In the digital age, where each new year brings a new round of technology upgrades, electronics like smartphones, laptops, and video game consoles are constantly being replaced. You can't toss these hard-to-recycle items in the bins at home. Instead, find out if electronics retailers in your area offer collection programs. Some manufacturers also provide buy-back programs or discounts when you trade in older models for new ones. If neither of these options is available to you, look for local e-waste collection drives or programs in your area.

A large pile of trash

Coffee Pods

Coffee pods make life more convenient, but they come at a cost. Used coffee pods can't be recycled at home, but luckily, most major manufacturers now offer recycling programs. Search for the brand you use and check its website to find out how to recycle the pods. Most companies provide mail-in programs that allow you to ship the pods for recycling in a prepaid envelope.

Glass Jars

Depending on where you live, glass food containers are typically recyclable in curbside programs. However, the problem is that they must be clean before you toss them in the bin. Leftover spaghetti sauce or salsa will make a mess of the recycling process and render items unrecyclable. Before you throw glass jars in the recycling bin, rinse them out. If you live in an area where glass isn't recyclable, search for a local specialty recycling location near you. In the worst case, you can save the jars and reuse them for food storage at home.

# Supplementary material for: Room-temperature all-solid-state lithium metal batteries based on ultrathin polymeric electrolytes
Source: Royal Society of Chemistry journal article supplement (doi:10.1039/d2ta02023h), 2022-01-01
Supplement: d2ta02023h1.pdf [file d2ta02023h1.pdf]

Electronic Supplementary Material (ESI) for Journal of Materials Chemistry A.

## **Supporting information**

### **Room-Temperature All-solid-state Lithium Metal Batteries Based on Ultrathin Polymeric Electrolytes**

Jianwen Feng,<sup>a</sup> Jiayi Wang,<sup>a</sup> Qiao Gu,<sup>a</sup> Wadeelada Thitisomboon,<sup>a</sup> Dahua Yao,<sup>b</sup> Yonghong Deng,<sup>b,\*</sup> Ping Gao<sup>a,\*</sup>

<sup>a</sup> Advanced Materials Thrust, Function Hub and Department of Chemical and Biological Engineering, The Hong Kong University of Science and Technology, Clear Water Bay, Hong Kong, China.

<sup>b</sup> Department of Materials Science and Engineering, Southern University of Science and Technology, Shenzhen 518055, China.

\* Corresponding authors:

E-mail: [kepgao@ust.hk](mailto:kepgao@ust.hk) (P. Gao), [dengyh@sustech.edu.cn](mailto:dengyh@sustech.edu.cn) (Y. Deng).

Pizza Boxes

Most curbside recycling programs accept cardboard, but many can't recycle cardboard or paper materials with grease or food stains. So, what do you do with those greasy pizza boxes? Once you remove and recycle the unstained portion of the box, you can add the remainder to your backyard compost or use it as a weed barrier in your garden.


According to the Environmental Protection Agency, 11.3 million tons of textile waste entered landfills in 2018. Whether you outgrow the size or the style, you likely have some items in your closet you no longer want. While many charitable organizations accept clothing donations, damaged, stained, or unwanted items will eventually end up in a landfill despite your best efforts to give them a new home.

Luckily, textiles like clothing can be recycled. Look for neighborhood textile recycling bins, or check with local clothing retailers to see if they offer a recycling program. Many larger companies give discounts when you bring in items to be recycled and even accept clothing from other brands. If you can't find a local drop-off, organizations like Retold Recycling offer mail-in programs to help you responsibly dispose of unusable clothes and other textiles.

Recycling Right for a Healthier Future

While some items take a little more effort to recycle, taking that extra step can significantly reduce your carbon footprint. To learn about other common items you can't place in the recycling bin, check out these ten surprising things you can't recycle curbside.

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Why It's Good

Taking a few small steps to manage hard-to-recycle items can make a big impact on the environment and your own global footprint.